Nestled in the foothills of Bukhansan Mountain and run by Buddhist nuns, Jinkwansa Temple exudes a classical grace.
Dignified and elegant, the temple compound radiates a tranquil beauty. Its large jangdokdae (earthenware crock stand) is filled with orderly rows of crocks holding traditional Korean sauces.
To attain its current status, the temple had to overcome many challenges.
Although it was established during the Goryeo era, most of its buildings burned down during the Korean War. The temple lay in ruins for a while, but was gradually reestablished by two Buddhist nuns: Ven. Jinkwan who began to serve as its abbess in 1963 and Ven. Gyeho who became its abbess in 2006.
Establishing one Buddha hall after another on temple ruins, the two nuns rebuilt the temple compound and began reenacting the State Water and Land Ceremony, a ceremony that had previously been performed at Jinkwansa Temple under the supervision of the Joseon royal family.
The Water and Land Ceremony is a Buddhist ritual teaching Buddha dharma and feeding the lonely souls who wander in water or on land after death.
“Every year we offer the ceremony 7 times over a period of 49 days, and the last ceremony continues for two days. Different dishes are offered on the upper, middle, and lower altars, following the basic guidelines recorded in the Annals of Joseon. However, we prepare some dishes applying our own modern reinterpretation. The ceremony requires a great variety of food, so reenacting the Water and Land Ceremony also involves researching and restoring traditional temple food,” said Ven. Gyeho.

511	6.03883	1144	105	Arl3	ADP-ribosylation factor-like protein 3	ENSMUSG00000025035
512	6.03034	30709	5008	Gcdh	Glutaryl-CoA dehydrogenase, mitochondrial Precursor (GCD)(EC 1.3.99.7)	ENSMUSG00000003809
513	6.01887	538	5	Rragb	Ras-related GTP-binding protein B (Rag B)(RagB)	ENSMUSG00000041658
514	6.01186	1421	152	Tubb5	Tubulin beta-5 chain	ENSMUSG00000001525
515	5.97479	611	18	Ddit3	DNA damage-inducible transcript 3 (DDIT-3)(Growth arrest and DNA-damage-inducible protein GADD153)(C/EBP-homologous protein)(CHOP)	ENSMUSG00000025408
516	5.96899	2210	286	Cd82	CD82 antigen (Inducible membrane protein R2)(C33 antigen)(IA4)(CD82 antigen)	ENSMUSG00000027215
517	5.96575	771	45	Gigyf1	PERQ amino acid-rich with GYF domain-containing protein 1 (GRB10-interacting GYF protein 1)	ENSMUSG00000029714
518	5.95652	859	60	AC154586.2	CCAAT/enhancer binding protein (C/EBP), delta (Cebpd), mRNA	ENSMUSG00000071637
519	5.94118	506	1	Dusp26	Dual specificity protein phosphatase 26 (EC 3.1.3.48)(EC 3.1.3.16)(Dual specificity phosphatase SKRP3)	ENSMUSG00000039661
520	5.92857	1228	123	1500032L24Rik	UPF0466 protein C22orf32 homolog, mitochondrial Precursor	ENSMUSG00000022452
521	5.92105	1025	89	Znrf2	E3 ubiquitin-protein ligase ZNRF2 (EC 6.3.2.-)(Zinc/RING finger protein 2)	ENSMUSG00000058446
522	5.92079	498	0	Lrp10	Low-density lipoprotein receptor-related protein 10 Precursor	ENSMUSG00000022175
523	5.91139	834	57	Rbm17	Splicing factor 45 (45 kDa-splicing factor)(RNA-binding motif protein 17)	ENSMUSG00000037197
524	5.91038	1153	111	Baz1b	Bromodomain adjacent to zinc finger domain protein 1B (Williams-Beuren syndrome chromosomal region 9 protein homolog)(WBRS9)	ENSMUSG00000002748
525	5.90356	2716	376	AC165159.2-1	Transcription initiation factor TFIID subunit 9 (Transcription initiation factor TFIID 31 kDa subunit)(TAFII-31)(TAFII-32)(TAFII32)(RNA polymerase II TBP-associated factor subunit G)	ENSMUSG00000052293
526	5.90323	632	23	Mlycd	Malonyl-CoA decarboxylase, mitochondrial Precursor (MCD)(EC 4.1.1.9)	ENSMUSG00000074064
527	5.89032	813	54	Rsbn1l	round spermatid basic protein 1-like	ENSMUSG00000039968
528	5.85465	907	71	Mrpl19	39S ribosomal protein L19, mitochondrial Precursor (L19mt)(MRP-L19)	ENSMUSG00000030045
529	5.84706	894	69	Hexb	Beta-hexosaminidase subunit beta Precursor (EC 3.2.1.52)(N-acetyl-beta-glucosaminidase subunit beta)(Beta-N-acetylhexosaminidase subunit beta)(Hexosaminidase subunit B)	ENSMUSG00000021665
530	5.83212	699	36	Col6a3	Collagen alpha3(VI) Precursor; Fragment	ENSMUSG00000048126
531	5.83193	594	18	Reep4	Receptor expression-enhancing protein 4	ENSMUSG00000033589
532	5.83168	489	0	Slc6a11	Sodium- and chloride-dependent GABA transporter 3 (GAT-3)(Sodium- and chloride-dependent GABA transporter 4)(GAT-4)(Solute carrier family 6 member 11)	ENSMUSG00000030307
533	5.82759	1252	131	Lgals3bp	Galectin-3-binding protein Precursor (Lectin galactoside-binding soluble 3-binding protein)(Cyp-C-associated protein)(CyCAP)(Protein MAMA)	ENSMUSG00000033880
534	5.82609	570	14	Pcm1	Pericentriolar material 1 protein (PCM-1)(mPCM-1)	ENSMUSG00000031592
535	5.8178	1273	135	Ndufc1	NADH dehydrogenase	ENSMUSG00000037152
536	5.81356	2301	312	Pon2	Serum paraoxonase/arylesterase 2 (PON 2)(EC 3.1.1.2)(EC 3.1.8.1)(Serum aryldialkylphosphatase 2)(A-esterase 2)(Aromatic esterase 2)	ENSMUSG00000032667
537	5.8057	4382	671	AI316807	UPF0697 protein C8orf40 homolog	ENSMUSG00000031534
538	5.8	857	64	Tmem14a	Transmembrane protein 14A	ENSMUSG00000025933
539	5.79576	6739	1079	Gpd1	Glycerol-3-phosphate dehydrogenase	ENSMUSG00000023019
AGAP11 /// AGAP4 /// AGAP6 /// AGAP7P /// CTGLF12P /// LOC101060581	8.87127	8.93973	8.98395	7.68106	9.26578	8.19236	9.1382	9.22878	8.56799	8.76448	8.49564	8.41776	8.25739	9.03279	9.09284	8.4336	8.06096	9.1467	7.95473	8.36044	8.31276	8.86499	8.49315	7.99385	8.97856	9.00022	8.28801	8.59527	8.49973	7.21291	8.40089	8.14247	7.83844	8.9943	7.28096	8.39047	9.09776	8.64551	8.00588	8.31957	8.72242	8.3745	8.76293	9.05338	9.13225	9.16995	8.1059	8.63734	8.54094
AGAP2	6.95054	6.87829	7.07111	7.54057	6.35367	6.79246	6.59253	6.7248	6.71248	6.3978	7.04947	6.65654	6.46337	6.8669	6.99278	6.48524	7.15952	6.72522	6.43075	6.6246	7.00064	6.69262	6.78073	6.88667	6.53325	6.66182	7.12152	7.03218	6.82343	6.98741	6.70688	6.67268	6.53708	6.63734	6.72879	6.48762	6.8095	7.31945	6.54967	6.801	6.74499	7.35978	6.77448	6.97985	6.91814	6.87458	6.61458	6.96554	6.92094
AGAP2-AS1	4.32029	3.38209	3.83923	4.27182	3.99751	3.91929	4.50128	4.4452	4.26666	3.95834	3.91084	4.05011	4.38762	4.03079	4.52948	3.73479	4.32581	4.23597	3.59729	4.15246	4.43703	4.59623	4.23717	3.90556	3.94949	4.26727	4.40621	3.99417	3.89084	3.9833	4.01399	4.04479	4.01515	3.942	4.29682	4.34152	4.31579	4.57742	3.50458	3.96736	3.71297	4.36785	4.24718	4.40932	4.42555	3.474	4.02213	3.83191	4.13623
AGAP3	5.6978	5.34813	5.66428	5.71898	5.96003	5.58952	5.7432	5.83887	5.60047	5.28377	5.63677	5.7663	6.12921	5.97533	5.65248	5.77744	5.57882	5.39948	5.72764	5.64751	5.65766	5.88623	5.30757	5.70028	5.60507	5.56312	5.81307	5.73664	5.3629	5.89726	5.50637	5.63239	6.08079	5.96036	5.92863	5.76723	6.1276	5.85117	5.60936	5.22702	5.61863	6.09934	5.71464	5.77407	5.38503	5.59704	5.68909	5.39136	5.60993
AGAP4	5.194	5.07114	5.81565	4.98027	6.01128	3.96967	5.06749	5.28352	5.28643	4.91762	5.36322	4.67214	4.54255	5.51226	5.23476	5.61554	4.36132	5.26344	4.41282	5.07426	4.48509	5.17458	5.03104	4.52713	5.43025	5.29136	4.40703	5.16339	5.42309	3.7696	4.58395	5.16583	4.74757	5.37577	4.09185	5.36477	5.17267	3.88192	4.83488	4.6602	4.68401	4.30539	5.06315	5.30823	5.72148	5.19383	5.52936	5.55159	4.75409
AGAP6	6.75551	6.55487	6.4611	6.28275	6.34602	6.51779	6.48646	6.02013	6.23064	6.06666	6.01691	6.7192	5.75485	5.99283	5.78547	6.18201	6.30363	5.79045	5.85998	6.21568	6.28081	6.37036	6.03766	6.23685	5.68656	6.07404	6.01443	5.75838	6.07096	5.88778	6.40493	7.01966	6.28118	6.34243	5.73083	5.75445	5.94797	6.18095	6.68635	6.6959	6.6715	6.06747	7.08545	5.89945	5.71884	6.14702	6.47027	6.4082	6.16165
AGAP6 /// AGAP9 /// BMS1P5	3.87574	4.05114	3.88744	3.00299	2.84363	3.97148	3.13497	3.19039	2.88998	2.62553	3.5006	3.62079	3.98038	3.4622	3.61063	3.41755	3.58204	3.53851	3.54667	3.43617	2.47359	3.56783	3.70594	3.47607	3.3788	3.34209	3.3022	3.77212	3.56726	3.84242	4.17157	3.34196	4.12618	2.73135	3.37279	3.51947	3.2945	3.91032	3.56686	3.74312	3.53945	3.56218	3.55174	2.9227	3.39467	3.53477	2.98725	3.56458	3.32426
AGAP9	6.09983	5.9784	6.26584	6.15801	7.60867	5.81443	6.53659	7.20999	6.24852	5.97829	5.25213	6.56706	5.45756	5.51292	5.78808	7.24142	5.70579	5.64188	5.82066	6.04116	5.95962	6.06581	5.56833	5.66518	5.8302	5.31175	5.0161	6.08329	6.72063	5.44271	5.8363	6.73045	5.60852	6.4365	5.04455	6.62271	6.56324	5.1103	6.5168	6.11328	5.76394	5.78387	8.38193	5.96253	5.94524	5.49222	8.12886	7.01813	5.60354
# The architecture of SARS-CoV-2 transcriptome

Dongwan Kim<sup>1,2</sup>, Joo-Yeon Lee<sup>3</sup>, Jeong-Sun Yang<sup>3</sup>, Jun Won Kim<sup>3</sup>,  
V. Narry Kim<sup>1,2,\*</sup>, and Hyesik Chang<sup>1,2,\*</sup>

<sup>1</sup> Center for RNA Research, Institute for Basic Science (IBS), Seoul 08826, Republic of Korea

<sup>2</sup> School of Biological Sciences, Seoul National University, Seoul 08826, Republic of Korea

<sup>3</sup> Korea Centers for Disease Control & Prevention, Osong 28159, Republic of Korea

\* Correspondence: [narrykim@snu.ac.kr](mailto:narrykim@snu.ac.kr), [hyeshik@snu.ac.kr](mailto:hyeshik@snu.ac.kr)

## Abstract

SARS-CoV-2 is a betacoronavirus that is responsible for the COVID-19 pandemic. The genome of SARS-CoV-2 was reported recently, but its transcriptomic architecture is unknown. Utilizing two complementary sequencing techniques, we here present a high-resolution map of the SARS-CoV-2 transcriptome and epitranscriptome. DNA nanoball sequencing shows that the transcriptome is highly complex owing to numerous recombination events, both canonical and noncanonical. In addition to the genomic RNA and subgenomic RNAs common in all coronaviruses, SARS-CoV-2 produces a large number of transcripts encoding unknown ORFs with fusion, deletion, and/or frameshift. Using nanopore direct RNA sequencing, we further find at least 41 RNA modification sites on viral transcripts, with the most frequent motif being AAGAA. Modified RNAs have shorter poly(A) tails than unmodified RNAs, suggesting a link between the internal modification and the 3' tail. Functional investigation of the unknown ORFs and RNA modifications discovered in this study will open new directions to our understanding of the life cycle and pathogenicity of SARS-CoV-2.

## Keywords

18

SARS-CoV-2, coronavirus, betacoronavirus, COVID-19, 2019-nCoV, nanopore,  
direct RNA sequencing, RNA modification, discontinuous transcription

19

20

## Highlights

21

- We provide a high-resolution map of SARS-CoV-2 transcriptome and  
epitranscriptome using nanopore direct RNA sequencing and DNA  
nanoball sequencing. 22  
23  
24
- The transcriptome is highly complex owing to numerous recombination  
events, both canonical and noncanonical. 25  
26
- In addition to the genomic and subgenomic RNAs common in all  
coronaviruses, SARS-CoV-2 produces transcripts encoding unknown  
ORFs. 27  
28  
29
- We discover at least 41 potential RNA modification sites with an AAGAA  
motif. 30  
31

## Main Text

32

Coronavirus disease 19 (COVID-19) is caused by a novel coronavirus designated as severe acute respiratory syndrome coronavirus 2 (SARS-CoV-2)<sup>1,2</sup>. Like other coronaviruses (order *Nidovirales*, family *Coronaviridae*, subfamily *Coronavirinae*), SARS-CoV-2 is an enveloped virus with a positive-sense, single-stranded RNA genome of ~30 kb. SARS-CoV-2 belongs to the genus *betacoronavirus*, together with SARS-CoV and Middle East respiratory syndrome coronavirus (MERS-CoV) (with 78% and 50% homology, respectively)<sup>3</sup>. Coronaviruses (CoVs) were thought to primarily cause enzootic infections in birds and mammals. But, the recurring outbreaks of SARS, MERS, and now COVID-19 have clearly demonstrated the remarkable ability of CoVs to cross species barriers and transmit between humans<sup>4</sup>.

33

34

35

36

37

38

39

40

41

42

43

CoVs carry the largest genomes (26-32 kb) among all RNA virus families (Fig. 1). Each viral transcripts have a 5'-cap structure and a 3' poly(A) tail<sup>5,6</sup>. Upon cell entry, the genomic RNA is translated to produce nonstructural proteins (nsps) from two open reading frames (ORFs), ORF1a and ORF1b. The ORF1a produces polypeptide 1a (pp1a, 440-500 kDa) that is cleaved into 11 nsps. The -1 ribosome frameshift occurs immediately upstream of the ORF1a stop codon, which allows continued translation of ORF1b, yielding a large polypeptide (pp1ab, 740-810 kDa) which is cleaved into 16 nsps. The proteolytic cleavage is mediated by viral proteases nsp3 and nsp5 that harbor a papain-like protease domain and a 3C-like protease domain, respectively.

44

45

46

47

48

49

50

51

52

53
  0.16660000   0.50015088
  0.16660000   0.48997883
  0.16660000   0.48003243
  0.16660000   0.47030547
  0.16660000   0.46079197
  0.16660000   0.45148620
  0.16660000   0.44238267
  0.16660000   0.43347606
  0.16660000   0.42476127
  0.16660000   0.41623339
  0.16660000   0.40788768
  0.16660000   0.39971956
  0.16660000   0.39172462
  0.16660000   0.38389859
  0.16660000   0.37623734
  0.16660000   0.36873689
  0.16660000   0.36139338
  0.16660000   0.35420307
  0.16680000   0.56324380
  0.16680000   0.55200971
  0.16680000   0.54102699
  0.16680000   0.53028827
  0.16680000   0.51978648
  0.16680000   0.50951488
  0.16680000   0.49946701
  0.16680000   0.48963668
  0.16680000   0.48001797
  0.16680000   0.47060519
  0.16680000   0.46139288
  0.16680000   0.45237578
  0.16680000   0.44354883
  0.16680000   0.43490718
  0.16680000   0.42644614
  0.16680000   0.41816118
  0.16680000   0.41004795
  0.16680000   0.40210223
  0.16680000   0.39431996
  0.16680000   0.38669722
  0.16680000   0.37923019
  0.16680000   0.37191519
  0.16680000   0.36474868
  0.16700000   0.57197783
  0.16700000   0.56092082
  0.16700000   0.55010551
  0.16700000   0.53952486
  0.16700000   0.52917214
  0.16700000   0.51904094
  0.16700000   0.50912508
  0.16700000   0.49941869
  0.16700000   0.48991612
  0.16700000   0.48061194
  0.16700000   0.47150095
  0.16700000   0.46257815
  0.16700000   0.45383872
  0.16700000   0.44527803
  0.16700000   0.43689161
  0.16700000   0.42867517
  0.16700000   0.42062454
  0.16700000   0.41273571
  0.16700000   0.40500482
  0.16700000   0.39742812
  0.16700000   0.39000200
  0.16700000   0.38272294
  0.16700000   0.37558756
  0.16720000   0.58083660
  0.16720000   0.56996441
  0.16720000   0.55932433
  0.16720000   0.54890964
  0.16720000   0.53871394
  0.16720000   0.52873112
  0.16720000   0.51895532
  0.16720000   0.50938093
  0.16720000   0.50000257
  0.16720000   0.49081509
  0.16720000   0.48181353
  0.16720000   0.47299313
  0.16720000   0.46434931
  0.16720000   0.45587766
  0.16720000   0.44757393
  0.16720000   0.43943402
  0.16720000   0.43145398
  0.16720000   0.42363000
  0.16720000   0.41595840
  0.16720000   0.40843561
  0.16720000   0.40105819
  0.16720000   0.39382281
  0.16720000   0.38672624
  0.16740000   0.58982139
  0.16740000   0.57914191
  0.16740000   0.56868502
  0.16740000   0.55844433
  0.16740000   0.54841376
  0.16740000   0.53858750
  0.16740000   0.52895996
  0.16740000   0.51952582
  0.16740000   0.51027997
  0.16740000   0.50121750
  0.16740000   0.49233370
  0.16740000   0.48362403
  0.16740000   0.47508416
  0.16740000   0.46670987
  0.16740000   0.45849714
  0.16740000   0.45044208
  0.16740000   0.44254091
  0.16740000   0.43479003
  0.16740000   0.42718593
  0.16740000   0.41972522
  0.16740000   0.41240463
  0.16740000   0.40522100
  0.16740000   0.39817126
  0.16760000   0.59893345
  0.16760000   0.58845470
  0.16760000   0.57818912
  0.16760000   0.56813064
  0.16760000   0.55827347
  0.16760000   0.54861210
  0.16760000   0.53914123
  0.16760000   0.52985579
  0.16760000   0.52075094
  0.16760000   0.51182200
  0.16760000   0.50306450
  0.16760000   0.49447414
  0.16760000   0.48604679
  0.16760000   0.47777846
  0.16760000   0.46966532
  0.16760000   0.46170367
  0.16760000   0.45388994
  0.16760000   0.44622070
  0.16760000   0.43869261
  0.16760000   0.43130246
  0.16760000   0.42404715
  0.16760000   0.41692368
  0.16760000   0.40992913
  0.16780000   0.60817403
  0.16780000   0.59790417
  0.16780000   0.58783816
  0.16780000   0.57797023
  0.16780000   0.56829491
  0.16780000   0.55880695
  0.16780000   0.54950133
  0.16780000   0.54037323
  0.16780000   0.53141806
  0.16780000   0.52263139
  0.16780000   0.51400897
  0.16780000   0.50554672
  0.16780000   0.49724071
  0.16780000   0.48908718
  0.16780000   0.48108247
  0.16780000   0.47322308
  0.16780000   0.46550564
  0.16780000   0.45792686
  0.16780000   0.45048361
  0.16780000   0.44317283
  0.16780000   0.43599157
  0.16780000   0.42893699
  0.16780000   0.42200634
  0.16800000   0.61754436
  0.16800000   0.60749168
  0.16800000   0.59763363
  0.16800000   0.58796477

Jangkalguksu, spicy noodle soup
At temples, noodles are a popular dish and sometimes called “seungso,” meaning “it makes monastics laugh.”
Originally from Gangwon Province, Ven. Gyeho makes a special dough for her noodles by mixing boiled potatoes with flour. Adding no water at all to the dough, her noodles are known for their firm, chewy texture. To make the broth she uses Gangwon-style makjang -- an almost “instant” doenjang that requires only 10 or more days to ferment -- and adds fried Jinkwansa dubu as a garnish. Then her soup is ready to warm up one’s cold-weary body and mind. To make the broth you may also use clear broth instead of makjang, then serve with seasoning sauce.
- 3 potatoes
- veggie stock
- shiitake mushrooms
- dried shoots of Chinese cedar
- dried chili pepper
- soy sauce
- aehobak (Korean zucchini)
1. Wash and peel potatoes. Boil them in a generous amount of water with a bit of salt until tender.
2. Remove potatoes and mash while hot, adding the flour little by little.
3. Prepare vegetable stock.
4. Shred carrot and aehobak, and stir fry slightly in oiled pan with a pinch of salt.
5. Slice pre-soaked shiitake mushrooms, and stir fry with a little sesame oil and soy sauce.
6. Put the dough on a pounding board and spread sheet-thin with a rolling pin. Fold the sheet, and slice into noodles.
7. Add makjang to the vegetable stock, and when it boils, add the noodles, aehobak, and mushrooms. Boil until all ingredients are cooked.
8. Put noodles in a bowl and add garnishes.
Provided by Cultural Corps of Korean Buddhism
Temple food is food of the ascetics who express gratitude for all forms of life and wish for peace all around the world. The Cultural Corps of Korean Buddhism operates the Korean Temple Food Center where guests can learn and experience temple food. -- Ed.